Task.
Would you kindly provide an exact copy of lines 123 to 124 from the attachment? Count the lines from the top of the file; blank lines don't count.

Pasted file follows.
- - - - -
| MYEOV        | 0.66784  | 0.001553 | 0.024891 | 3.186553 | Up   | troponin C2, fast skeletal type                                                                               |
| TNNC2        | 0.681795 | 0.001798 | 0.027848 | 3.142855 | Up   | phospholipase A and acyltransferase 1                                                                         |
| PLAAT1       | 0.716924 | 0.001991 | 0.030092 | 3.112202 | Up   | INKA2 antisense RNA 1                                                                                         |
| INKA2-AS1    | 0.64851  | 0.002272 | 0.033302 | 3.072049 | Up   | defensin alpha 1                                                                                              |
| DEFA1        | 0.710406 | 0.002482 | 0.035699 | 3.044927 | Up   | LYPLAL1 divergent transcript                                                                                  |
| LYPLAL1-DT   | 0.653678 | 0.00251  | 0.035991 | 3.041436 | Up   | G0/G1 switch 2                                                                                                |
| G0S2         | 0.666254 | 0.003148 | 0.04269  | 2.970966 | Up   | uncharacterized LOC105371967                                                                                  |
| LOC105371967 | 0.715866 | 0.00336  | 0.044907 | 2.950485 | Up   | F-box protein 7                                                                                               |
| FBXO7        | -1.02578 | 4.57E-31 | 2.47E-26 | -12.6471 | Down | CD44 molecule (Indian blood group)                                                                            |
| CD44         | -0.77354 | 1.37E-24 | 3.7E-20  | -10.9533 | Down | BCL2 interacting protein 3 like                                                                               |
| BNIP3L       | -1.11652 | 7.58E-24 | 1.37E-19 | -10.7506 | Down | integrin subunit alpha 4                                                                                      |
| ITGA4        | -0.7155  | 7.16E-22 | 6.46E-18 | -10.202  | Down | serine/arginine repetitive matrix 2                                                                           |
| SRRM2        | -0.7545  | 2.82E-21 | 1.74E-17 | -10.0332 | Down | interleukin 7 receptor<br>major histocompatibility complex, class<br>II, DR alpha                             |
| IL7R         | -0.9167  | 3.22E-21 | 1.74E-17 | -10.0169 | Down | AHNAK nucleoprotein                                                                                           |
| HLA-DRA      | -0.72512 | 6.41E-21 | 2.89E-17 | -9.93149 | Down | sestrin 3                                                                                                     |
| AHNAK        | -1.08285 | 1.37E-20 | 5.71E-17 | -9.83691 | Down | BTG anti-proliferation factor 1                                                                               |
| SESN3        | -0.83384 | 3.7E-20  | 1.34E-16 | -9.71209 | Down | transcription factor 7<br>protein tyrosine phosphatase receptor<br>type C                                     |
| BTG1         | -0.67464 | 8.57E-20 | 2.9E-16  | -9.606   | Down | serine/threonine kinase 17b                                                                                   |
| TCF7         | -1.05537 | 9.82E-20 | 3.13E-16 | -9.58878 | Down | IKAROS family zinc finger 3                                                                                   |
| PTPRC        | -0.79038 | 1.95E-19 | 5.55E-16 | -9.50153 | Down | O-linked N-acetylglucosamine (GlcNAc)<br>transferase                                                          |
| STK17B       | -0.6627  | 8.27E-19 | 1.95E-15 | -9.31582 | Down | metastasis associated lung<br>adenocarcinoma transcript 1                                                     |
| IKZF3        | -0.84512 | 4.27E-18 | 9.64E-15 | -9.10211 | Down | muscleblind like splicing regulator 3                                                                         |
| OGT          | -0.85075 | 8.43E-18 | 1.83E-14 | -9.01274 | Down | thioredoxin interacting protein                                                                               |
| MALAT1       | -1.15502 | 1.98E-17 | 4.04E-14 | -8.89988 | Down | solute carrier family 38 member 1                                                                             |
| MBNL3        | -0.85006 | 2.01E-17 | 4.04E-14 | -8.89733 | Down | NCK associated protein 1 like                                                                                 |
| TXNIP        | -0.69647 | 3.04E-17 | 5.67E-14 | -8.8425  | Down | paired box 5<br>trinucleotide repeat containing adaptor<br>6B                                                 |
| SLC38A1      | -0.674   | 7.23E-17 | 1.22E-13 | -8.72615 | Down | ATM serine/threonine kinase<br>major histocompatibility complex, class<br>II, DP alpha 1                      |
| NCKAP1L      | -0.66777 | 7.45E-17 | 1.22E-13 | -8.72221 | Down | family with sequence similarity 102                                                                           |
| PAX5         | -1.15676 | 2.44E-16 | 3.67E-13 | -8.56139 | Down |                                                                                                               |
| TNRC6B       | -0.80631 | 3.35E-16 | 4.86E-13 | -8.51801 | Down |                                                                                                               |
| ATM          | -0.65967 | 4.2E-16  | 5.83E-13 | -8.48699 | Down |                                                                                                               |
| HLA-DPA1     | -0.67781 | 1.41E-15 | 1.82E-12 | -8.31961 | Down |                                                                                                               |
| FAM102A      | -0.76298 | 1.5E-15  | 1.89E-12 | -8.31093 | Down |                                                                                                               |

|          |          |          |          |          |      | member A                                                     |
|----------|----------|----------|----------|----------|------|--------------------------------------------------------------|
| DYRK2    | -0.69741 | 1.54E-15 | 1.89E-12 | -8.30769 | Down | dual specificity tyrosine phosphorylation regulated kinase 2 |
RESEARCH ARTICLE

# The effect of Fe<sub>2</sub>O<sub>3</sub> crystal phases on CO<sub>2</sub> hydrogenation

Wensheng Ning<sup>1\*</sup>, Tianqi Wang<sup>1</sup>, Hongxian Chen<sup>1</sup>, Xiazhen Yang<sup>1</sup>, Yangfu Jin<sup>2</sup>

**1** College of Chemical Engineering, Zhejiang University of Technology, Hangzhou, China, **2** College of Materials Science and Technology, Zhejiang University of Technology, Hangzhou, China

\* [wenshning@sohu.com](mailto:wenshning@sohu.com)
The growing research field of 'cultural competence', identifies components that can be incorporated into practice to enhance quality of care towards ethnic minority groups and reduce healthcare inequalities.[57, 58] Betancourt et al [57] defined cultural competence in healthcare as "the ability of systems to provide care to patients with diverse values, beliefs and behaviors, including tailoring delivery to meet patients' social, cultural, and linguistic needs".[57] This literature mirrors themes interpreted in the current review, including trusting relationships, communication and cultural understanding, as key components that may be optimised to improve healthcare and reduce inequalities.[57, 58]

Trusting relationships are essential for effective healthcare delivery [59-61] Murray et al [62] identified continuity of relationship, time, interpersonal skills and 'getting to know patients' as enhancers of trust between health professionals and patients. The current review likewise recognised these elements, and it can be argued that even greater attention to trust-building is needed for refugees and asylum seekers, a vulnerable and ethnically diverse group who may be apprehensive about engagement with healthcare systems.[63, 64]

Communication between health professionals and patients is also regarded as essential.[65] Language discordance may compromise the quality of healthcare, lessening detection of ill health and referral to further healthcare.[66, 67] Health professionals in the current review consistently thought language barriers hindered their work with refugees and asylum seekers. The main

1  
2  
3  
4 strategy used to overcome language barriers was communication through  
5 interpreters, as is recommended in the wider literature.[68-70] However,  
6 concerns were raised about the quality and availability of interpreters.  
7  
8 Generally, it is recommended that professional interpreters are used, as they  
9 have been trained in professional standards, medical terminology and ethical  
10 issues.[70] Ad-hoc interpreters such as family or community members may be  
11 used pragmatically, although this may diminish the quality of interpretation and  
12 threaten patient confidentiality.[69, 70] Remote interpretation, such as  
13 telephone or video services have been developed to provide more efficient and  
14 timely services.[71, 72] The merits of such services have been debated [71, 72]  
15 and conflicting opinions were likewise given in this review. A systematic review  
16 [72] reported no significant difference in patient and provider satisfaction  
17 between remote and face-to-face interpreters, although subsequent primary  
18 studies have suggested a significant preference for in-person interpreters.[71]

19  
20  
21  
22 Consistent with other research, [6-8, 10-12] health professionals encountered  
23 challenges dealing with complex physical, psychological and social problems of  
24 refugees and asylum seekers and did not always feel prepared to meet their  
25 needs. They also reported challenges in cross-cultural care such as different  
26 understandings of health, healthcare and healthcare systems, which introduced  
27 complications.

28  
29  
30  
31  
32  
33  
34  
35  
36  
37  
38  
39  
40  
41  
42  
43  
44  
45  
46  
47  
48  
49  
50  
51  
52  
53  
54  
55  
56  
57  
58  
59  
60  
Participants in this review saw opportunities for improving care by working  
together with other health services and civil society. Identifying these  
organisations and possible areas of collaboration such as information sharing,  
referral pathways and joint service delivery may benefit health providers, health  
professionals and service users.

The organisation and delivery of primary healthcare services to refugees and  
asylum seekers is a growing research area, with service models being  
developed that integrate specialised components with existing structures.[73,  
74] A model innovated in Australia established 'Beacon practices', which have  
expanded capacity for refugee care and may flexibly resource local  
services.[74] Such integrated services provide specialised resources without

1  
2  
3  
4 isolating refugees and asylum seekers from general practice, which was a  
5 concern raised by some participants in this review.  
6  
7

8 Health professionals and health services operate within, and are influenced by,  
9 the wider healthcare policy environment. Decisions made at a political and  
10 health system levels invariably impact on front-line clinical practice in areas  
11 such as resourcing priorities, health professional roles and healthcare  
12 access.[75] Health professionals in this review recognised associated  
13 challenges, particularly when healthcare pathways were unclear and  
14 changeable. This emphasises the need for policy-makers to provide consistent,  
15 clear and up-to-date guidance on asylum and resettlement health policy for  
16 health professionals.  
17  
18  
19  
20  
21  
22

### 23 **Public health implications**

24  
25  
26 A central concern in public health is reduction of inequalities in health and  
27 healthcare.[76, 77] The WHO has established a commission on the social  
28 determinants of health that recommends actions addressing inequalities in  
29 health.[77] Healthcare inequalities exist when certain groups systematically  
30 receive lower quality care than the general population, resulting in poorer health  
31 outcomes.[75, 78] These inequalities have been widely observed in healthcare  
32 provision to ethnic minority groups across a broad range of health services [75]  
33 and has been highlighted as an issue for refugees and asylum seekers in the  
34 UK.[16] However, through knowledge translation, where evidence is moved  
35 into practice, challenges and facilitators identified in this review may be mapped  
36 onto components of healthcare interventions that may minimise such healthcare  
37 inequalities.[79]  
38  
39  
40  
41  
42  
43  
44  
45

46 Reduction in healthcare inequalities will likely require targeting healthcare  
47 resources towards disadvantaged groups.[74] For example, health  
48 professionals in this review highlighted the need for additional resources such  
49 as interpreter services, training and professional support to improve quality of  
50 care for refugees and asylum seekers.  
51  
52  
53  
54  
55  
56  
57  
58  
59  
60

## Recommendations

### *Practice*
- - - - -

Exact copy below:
8 Health professionals and health services operate within, and are influenced by,  
9 the wider healthcare policy environment. Decisions made at a political and  